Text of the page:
I am out walking around the streets of New York City today, so I am pulling this post from the archives.
Teaching in a class the other day we were discussion motivation, getting people to do things. The next day I was reading a book called The Wisest One in the Room by Thomas Gilovich and Lee Ross. They were talking about the “push and pull of situations.” In this discussion, they told of the research of social psychologist Kurt Lewin. It was very interesting.
Change of focus
Gilovich and Ross said that one of Lewin’s contributions to our understanding involved a simple change of focus. From that chapter:
He noted that when people try to change someone’s behavior, they typically try to give the person a push in the desired direction: they promise rewards or issue threats. They hire motivational speakers to get their employees to take more initiative; they offer their kids money to get better grades; they give impassioned speeches about the importance of eating right, avoiding wasteful spending, or practicing safe sex. When it is their own behavior they are seeking to change, they try to psych themselves up by promising themselves rewards for success or focusing on the high cost of failure. They look for inspiring role models, or simply vow to try harder…
Is this sounding familiar to any of you?
They continue with:
Sometimes this works. When motivation is the problem, finding ways to increase it can be the ticket to success. But more often than not, motivation is not the problem. Most people are already highly motivated to become healthier, wealthier, and more productive in their jobs…..In such cases, trying to amp up motivation is unlikely to do much good. A more fruitful strategy, Lewin suggested, is to identify, and then eliminate, the obstacles standing in the way of the desired behavior.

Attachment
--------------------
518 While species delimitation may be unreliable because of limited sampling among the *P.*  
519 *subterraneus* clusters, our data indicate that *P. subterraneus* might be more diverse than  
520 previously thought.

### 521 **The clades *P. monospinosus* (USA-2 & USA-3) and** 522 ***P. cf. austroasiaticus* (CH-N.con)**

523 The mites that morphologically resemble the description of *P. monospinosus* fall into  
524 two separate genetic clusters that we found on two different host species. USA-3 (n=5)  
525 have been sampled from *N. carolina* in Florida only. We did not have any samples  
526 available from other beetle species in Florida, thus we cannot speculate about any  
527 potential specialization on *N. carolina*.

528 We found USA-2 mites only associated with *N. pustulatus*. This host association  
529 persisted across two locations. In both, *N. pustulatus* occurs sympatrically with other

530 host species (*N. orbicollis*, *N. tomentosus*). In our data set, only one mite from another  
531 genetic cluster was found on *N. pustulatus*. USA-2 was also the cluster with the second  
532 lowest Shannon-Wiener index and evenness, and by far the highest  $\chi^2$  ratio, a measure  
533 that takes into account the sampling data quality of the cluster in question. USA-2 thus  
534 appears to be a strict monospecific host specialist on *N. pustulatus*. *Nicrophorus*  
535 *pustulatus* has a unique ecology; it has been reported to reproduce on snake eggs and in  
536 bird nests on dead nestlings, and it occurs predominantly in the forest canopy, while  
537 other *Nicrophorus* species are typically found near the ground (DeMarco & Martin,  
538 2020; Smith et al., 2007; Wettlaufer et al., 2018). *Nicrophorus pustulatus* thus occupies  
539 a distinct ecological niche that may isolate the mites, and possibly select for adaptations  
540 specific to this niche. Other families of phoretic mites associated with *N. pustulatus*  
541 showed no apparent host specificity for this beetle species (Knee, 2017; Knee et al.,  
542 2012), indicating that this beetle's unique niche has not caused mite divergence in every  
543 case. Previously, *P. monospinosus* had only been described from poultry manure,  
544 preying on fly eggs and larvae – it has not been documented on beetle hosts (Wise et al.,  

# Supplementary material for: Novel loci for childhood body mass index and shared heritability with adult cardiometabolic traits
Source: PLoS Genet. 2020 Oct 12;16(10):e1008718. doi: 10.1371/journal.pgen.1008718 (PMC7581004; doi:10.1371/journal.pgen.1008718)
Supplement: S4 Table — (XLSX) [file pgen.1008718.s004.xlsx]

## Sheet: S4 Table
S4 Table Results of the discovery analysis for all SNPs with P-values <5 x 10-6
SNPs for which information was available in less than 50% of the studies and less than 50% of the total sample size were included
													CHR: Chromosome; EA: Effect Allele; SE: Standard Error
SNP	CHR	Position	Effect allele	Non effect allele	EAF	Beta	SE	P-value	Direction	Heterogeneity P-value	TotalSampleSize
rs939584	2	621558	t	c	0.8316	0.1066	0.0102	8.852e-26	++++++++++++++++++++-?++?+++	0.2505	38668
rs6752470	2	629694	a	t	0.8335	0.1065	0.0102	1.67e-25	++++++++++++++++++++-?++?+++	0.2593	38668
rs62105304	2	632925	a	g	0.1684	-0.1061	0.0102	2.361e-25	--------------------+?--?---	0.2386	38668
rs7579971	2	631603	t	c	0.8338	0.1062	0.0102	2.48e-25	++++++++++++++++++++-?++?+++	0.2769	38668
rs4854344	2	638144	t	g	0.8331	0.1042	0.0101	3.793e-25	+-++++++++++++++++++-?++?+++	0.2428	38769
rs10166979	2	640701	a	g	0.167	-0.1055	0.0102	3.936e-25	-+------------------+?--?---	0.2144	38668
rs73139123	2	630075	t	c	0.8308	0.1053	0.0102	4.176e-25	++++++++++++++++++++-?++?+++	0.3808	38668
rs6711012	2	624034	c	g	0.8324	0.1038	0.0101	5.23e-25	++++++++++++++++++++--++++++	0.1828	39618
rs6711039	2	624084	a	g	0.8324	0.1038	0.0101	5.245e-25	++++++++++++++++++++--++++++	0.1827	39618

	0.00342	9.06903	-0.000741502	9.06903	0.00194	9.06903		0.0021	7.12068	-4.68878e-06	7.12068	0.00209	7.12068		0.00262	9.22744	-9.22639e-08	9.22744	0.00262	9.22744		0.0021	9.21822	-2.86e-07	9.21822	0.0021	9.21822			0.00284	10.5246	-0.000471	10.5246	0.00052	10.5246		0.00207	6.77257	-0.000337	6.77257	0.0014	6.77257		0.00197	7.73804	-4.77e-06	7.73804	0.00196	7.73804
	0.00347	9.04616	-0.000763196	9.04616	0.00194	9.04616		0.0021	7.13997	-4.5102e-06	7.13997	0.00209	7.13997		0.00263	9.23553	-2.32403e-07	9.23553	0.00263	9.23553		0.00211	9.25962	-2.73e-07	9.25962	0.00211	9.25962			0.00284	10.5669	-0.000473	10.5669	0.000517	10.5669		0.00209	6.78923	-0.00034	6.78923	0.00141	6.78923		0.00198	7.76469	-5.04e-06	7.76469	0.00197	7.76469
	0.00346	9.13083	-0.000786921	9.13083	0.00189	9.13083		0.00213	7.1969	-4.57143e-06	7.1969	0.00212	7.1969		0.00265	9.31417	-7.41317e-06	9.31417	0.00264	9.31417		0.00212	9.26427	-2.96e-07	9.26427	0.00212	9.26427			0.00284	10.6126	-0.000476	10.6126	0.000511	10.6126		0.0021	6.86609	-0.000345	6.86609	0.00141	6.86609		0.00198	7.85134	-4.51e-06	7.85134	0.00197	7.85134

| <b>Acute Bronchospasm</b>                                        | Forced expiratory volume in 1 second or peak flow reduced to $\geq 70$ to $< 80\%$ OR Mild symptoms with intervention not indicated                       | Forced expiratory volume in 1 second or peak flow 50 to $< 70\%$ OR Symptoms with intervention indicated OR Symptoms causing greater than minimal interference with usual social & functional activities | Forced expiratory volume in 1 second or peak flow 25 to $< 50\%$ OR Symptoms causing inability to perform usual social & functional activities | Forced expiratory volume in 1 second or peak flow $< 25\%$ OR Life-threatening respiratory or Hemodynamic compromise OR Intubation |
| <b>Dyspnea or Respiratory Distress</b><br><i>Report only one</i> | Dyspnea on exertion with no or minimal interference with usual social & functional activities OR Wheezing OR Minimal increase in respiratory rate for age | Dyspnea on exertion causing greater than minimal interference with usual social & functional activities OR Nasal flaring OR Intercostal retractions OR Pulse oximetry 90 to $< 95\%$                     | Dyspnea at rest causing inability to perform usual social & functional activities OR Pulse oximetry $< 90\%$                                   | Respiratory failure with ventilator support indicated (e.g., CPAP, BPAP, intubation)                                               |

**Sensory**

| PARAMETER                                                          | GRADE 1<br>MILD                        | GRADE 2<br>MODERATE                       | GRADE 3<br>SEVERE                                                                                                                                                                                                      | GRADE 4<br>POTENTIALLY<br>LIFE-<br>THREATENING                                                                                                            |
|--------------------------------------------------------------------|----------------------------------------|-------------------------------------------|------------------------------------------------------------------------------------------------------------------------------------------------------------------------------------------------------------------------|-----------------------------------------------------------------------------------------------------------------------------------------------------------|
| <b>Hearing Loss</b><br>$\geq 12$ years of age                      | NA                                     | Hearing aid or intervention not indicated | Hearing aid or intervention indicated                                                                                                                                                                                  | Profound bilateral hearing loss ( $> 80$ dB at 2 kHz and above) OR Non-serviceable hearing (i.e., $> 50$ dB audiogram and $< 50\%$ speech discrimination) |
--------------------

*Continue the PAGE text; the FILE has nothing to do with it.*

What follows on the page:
One example of what they talk about is one that many HR people would be familiar with, participation in the 401(k) plan. We all know that saving money is a good thing. Having employees working on their long-term financial health is good for everyone. Unfortunately, getting people to understand this and then act on it resulted in low participation rates. People had to opt-in to save and many could not decide so they did nothing. Participation rates went up, however, when the system was changed to make it an “opt-out” decision. People who before did nothing still did nothing but this time it was to their benefit. By making savings an opt-out decision the barrier to saving was removed and doing the “right” thing was the default.
What is the barrier?
If you are having a problem in getting participation look at the situation and try to identify the barriers that are in the way to making the right decision. If you are having problems with a particular employee don’t question their motivation, explore what the barriers may be to them being as successful as you and they would like to be. If you are trying to psych yourself up to be better at something don’t beat yourself up over your motivation, determine what the barriers are that are holding you back and remove them, thus smoothing the path to success.
I will be discussing more from this book as I read it, but in the meantime, if it sparks your interest, I have provided a link below to get it.